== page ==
Performing or playing music for fun and extra money on weekends does not qualify someone as a wedding professional.
This business is filled with amateurs and hobbyists. A person can go to Costco, spend a few hundred dollars on a camera set-up, post a few photos on an inexpensive website, and call themselves a wedding photographer. A laptop and a few hundred dollars at a music store can create a wedding DJ.
Here are just a few of the things I’ve seen at weddings:
- Some bands come in with a pre-determined set list of songs in the order they are to be played; like they’ve got some sort of crystal ball? BIG MISTAKE! People are unpredictable. The mood of the audience is different depending on the weather or how the wedding ceremony went. I maintain the flexibility to work with my audience “in the moment”, observing them while choosing songs accordingly.
- One band I know of played an entire evening of fast songs and played only one slow song the entire evening! Many men don’t dance a lot and they’re hesitant to make a spectacle of themselves on a dance floor. However, they are totally at ease snuggling up to the one they love for a romantic slow song. We provide a balance of dance music so there’s something for everyone.
- How about the DJ I saw start the music at a wedding reception with the first song being “Runaround Sue”? –
“Here’s my story, sad but true
It’s about a girl that I once knew
She took my love then ran around
With every single guy in town” !!!
Can we say clueless and tacky?
- One bandleader did the “Hokey Pokey” and instructed the women to throw their whole chest in and their whole chest out!
- There’s a well-known local band whose singer makes crude remarks and comes on to women in the audience all night; from the stage!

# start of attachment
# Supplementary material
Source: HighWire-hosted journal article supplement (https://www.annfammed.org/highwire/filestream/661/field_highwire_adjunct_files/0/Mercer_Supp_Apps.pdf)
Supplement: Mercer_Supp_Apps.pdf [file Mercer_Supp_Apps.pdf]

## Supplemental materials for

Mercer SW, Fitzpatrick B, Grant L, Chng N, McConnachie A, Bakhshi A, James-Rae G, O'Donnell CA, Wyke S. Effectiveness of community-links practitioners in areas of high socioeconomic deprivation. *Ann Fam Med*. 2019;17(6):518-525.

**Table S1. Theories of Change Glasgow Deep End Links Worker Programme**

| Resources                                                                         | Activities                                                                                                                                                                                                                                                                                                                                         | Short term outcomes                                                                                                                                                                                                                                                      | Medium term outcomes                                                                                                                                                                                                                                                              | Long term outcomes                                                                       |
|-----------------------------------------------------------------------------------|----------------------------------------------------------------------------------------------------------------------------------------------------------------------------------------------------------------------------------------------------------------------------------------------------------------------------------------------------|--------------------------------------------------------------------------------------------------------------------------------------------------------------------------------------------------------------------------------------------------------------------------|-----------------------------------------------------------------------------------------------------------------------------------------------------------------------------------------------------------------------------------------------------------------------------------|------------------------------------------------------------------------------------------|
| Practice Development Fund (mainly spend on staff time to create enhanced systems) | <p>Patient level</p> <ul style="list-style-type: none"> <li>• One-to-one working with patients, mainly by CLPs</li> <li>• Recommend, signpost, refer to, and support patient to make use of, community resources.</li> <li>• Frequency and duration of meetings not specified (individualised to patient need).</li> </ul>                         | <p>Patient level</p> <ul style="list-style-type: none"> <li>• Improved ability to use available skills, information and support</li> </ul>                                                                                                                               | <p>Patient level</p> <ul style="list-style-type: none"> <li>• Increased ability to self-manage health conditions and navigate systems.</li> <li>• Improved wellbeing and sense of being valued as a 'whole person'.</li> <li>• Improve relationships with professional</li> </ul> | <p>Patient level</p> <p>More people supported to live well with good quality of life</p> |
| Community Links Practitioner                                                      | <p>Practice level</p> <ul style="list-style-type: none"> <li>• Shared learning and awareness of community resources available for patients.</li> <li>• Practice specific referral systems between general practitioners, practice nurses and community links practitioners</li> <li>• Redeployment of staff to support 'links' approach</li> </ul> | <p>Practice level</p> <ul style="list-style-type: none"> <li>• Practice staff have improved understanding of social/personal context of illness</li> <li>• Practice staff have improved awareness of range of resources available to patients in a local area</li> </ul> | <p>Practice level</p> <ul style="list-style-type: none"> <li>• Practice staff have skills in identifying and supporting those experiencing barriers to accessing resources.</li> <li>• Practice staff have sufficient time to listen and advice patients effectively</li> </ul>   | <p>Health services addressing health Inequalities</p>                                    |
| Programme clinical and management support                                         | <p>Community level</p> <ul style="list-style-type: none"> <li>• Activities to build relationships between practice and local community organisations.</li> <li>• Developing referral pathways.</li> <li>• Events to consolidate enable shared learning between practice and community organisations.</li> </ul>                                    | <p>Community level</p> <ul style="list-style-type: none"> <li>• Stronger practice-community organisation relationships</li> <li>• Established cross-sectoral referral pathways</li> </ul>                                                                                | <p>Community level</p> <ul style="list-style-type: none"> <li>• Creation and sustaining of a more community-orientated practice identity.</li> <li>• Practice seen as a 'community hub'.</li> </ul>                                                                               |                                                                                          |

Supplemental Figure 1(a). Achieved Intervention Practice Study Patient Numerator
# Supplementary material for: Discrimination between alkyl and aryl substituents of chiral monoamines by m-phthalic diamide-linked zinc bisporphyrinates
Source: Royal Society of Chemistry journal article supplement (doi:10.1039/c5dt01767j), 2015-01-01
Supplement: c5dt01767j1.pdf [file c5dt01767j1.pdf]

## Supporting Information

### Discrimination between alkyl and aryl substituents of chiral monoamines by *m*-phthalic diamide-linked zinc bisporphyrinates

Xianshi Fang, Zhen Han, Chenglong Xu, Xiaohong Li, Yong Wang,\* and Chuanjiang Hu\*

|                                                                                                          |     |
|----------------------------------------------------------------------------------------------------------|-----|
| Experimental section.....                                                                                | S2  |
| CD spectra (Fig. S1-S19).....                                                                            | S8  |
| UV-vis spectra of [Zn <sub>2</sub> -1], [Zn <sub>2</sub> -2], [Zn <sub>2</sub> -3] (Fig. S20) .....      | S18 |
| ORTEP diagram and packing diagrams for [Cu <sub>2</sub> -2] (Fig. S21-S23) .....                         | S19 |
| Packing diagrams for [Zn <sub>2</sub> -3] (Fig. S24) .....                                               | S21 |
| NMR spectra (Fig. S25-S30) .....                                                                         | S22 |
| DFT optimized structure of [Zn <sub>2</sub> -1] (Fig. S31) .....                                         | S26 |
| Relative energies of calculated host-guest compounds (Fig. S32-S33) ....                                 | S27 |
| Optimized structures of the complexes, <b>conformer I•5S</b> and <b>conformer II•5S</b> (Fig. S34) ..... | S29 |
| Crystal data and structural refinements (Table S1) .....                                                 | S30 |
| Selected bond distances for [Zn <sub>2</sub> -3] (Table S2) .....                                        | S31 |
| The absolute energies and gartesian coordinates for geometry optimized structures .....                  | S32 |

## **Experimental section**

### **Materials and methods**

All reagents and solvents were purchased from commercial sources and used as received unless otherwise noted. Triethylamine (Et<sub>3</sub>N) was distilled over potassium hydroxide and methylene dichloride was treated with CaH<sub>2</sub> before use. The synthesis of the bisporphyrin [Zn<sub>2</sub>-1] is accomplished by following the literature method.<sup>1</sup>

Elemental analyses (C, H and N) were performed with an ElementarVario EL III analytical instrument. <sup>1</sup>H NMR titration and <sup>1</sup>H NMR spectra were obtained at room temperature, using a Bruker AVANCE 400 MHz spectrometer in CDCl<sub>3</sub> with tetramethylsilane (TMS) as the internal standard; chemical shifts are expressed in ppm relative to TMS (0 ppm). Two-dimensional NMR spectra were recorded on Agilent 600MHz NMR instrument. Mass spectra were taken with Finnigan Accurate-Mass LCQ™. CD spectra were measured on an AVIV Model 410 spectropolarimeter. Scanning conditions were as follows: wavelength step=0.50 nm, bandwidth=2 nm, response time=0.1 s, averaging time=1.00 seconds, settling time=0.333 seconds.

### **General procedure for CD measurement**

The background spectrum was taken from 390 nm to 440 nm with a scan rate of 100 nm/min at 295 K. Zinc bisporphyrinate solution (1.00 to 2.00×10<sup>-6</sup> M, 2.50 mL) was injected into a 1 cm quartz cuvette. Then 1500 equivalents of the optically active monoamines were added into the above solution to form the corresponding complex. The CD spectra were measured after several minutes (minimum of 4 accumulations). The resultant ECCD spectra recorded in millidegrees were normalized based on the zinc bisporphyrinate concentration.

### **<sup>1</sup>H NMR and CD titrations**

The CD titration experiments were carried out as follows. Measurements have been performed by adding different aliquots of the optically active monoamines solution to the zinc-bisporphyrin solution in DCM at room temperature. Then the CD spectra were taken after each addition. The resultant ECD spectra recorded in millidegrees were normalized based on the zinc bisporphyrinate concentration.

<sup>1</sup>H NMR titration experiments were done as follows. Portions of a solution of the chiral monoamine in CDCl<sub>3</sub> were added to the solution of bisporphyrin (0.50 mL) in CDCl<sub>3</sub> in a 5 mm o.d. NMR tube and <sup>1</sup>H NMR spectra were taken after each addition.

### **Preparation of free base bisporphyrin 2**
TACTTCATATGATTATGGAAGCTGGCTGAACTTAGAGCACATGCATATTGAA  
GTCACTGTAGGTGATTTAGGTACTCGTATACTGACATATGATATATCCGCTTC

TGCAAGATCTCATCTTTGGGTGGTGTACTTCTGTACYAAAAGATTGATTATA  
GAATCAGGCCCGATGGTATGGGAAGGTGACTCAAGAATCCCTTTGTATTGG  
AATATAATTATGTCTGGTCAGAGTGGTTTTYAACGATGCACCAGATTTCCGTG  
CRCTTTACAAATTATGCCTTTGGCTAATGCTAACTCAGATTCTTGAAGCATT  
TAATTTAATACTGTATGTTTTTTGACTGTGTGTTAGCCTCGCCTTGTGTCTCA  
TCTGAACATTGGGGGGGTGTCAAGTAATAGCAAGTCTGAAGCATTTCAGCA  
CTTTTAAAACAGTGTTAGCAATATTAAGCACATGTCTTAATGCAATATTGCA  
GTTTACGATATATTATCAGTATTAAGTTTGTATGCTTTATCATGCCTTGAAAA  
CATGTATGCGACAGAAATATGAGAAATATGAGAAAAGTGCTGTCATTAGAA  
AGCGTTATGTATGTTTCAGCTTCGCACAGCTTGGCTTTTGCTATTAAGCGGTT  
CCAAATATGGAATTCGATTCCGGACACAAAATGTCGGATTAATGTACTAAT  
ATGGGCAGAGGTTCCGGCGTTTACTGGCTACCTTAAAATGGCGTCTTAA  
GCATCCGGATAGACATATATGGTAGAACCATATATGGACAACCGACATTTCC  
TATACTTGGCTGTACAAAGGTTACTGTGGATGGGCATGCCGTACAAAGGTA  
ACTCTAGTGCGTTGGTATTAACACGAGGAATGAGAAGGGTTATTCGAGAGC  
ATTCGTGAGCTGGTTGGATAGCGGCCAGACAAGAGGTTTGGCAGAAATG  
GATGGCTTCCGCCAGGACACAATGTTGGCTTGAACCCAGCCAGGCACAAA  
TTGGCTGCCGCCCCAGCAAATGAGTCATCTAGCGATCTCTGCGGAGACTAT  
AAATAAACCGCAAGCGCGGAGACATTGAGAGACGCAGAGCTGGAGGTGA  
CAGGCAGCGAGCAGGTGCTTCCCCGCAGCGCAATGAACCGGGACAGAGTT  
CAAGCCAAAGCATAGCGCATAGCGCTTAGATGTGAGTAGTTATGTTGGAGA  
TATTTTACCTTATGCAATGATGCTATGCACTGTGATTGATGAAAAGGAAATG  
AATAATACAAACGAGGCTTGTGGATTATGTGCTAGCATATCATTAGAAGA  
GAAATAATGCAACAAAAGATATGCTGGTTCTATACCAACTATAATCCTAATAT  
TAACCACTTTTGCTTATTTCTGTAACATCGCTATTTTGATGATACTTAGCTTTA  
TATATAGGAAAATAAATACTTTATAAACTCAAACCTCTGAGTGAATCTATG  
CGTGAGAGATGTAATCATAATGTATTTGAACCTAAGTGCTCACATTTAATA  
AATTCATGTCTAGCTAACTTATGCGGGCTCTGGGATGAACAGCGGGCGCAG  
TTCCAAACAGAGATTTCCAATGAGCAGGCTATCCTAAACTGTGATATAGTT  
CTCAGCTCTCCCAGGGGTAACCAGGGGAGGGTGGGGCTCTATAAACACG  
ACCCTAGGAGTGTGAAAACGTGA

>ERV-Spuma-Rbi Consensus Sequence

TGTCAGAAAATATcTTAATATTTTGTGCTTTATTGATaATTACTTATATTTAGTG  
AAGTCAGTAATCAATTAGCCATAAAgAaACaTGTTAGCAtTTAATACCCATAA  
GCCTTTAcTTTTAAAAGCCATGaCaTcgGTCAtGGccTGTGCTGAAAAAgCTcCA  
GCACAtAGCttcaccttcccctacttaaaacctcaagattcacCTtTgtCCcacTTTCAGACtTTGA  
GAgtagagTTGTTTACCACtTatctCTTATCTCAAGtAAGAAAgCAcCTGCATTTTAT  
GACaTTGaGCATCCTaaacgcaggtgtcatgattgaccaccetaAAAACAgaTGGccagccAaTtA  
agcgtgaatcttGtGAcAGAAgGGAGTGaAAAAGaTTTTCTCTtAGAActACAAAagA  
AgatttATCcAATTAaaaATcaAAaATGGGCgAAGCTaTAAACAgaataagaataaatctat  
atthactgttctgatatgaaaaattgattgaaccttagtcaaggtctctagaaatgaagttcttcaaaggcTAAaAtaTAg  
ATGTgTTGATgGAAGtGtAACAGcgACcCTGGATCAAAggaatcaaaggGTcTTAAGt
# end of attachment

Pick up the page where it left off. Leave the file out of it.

- How about bands that do songs like “Margaritaville” or “Cocaine” when families with kids are present? Or the DJ who drinks gets obnoxious over the microphone?
How do these things happen? Amateurs who don’t know any better. As the saying goes, they don’t know that they don’t know.
Why a wedding professional is critical: WEDDINGS ARE NOT SIMPLE
A wedding is the very most difficult performance situation that exists. It is not something you want to trust to an amateur or hobbyist.
COMMONALITY – At most musical performances there is an element of commonality; they are all doctors or lawyers, men or women, young or old. Weddings have none of that.
Most family and friends have very little in common. Typically, they have a wide variety of occupations, hobbies, and political interests. Some live locally while others have traveled from out of state and they usually range from 5 years old to 90 years old.
With such diversity, there are two main factors that come into play – personality types and musical tastes.
MUSICAL TASTES – This is where the wedding audience really separates itself from other audiences. As a group, the typical wedding has very little in commonality. Aunt Mary is an office worker at Northwestern Mutual and she’s into the opera. Cousin Jack works at Miller Brewing and is into blues bands. Uncle Fred owns a small restaurant is loves to polka. Your parents love the classic big bands and rock ‘n roll. Grandpa and Grandma love classical music and Dixieland jazz. Cousin Alice works at Allen Bradley and adores bluegrass and country music. Your friends may be into hip-hop or pop. A few may be superb swing dancers. Some may be Christian and are easily offended by lyrics of some songs.